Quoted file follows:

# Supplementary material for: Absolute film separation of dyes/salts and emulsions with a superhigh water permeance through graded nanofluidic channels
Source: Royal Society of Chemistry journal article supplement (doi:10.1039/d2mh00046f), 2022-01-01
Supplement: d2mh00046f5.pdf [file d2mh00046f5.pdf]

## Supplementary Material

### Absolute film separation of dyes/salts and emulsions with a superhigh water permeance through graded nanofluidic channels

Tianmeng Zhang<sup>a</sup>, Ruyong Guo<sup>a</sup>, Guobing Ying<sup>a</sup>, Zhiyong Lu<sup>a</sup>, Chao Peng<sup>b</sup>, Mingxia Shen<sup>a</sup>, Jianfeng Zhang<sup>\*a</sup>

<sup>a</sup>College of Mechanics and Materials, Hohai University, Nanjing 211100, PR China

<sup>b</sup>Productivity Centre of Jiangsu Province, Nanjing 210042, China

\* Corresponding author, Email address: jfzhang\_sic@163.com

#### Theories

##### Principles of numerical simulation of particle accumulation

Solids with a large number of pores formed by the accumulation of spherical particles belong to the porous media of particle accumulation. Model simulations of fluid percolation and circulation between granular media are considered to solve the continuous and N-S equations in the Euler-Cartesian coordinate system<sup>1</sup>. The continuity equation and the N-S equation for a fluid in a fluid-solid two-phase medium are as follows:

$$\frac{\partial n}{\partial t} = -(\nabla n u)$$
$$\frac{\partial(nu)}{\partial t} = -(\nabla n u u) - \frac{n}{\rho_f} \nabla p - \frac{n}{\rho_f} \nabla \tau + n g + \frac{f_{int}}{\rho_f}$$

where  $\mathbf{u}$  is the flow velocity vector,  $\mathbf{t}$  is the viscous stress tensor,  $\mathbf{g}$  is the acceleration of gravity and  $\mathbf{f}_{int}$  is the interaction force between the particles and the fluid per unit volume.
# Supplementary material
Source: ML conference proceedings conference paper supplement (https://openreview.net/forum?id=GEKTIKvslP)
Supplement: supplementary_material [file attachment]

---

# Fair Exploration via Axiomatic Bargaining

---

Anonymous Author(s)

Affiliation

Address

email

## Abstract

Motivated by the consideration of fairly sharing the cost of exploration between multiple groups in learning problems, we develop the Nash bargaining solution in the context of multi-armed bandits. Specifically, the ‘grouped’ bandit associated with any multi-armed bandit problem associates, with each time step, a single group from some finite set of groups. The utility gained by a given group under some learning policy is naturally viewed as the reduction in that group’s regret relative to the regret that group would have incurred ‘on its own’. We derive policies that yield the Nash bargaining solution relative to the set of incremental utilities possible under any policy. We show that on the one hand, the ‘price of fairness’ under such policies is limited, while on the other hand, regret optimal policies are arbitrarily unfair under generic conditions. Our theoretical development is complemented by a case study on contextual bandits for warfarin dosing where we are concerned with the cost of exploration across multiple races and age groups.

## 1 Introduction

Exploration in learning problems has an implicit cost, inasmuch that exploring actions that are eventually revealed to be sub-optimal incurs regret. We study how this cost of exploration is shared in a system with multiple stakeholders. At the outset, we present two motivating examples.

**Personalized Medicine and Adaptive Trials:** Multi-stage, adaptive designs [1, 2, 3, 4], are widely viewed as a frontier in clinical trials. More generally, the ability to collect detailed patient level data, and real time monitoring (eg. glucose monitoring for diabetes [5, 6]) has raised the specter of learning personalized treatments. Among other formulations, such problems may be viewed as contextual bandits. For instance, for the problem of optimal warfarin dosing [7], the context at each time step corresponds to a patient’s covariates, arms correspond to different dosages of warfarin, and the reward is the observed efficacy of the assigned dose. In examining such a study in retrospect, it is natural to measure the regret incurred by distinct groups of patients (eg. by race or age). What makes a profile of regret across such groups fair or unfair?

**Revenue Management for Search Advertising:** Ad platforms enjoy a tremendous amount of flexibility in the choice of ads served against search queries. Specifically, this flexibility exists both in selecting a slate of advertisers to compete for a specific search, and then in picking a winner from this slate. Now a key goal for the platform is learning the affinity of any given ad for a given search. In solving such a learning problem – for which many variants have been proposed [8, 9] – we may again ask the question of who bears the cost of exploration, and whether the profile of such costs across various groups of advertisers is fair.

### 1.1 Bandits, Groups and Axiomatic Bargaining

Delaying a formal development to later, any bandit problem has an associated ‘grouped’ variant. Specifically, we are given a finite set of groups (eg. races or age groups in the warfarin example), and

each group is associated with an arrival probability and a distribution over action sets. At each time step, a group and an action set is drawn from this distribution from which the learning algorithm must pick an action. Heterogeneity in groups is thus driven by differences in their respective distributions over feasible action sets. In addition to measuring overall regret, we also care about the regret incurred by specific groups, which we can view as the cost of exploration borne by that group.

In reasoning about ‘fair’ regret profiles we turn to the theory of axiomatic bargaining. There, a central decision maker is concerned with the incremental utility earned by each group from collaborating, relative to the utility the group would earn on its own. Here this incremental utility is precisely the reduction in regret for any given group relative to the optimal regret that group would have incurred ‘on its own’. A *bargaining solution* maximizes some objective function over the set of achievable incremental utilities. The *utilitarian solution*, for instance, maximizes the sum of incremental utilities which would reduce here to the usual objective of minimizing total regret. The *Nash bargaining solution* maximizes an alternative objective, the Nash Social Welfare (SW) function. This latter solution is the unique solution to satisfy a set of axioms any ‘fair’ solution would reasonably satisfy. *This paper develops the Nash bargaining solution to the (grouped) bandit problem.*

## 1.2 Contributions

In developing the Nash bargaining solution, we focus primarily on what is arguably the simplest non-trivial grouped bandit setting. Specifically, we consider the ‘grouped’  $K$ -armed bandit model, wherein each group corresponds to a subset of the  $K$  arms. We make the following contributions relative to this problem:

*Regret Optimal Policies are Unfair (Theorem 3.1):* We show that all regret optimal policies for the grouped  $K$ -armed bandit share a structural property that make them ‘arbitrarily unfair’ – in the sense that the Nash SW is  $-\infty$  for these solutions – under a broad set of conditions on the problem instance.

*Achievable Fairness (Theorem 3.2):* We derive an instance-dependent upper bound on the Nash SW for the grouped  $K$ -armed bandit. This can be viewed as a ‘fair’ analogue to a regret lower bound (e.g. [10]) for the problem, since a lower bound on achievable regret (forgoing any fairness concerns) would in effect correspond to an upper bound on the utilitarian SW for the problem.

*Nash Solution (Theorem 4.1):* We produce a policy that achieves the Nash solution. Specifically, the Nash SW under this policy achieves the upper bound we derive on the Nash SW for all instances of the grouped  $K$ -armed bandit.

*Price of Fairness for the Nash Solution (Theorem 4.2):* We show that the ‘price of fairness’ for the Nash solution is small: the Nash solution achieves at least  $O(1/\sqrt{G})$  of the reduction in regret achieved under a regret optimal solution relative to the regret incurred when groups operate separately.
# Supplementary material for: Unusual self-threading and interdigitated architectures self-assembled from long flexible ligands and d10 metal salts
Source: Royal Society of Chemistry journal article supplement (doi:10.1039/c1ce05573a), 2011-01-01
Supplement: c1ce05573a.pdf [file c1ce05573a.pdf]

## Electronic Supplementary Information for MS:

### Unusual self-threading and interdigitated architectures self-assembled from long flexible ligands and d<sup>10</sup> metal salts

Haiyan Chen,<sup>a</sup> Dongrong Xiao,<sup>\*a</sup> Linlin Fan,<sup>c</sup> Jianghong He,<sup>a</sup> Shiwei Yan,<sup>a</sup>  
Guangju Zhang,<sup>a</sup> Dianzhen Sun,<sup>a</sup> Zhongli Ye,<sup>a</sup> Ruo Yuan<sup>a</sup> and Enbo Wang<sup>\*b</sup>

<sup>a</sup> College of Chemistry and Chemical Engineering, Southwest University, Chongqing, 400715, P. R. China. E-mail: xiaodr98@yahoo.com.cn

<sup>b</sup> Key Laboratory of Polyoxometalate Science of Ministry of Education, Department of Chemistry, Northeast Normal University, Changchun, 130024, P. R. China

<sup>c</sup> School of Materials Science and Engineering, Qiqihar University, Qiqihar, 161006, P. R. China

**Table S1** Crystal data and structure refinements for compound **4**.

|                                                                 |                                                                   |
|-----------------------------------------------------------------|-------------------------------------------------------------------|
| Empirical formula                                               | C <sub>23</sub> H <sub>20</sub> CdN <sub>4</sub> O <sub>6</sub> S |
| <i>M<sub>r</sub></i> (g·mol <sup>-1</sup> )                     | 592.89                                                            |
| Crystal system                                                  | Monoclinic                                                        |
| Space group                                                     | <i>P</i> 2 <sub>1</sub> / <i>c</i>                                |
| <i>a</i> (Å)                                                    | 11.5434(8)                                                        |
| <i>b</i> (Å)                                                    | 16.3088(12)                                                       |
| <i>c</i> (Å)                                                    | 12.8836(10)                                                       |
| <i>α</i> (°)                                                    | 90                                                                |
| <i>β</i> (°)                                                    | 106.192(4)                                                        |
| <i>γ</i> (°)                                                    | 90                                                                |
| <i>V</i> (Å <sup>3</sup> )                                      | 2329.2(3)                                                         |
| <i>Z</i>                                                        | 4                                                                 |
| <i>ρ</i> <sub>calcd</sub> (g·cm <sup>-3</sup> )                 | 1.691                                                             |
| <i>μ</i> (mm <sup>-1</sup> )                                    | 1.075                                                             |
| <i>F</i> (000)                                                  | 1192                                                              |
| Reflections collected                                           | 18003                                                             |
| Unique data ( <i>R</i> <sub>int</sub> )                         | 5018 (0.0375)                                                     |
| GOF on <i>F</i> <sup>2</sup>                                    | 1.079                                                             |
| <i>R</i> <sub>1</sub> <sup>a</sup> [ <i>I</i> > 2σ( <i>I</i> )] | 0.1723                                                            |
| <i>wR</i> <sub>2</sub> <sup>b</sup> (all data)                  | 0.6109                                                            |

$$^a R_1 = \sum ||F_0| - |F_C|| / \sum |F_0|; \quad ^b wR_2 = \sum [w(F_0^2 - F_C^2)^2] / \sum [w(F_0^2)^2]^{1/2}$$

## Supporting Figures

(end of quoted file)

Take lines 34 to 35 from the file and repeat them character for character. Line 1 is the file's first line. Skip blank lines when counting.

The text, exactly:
each group is associated with an arrival probability and a distribution over action sets. At each time step, a group and an action set is drawn from this distribution from which the learning algorithm must pick an action. Heterogeneity in groups is thus driven by differences in their respective distributions over feasible action sets. In addition to measuring overall regret, we also care about the regret incurred by specific groups, which we can view as the cost of exploration borne by that group.

In reasoning about ‘fair’ regret profiles we turn to the theory of axiomatic bargaining. There, a central decision maker is concerned with the incremental utility earned by each group from collaborating, relative to the utility the group would earn on its own. Here this incremental utility is precisely the reduction in regret for any given group relative to the optimal regret that group would have incurred ‘on its own’. A *bargaining solution* maximizes some objective function over the set of achievable incremental utilities. The *utilitarian solution*, for instance, maximizes the sum of incremental utilities which would reduce here to the usual objective of minimizing total regret. The *Nash bargaining solution* maximizes an alternative objective, the Nash Social Welfare (SW) function. This latter solution is the unique solution to satisfy a set of axioms any ‘fair’ solution would reasonably satisfy. *This paper develops the Nash bargaining solution to the (grouped) bandit problem.*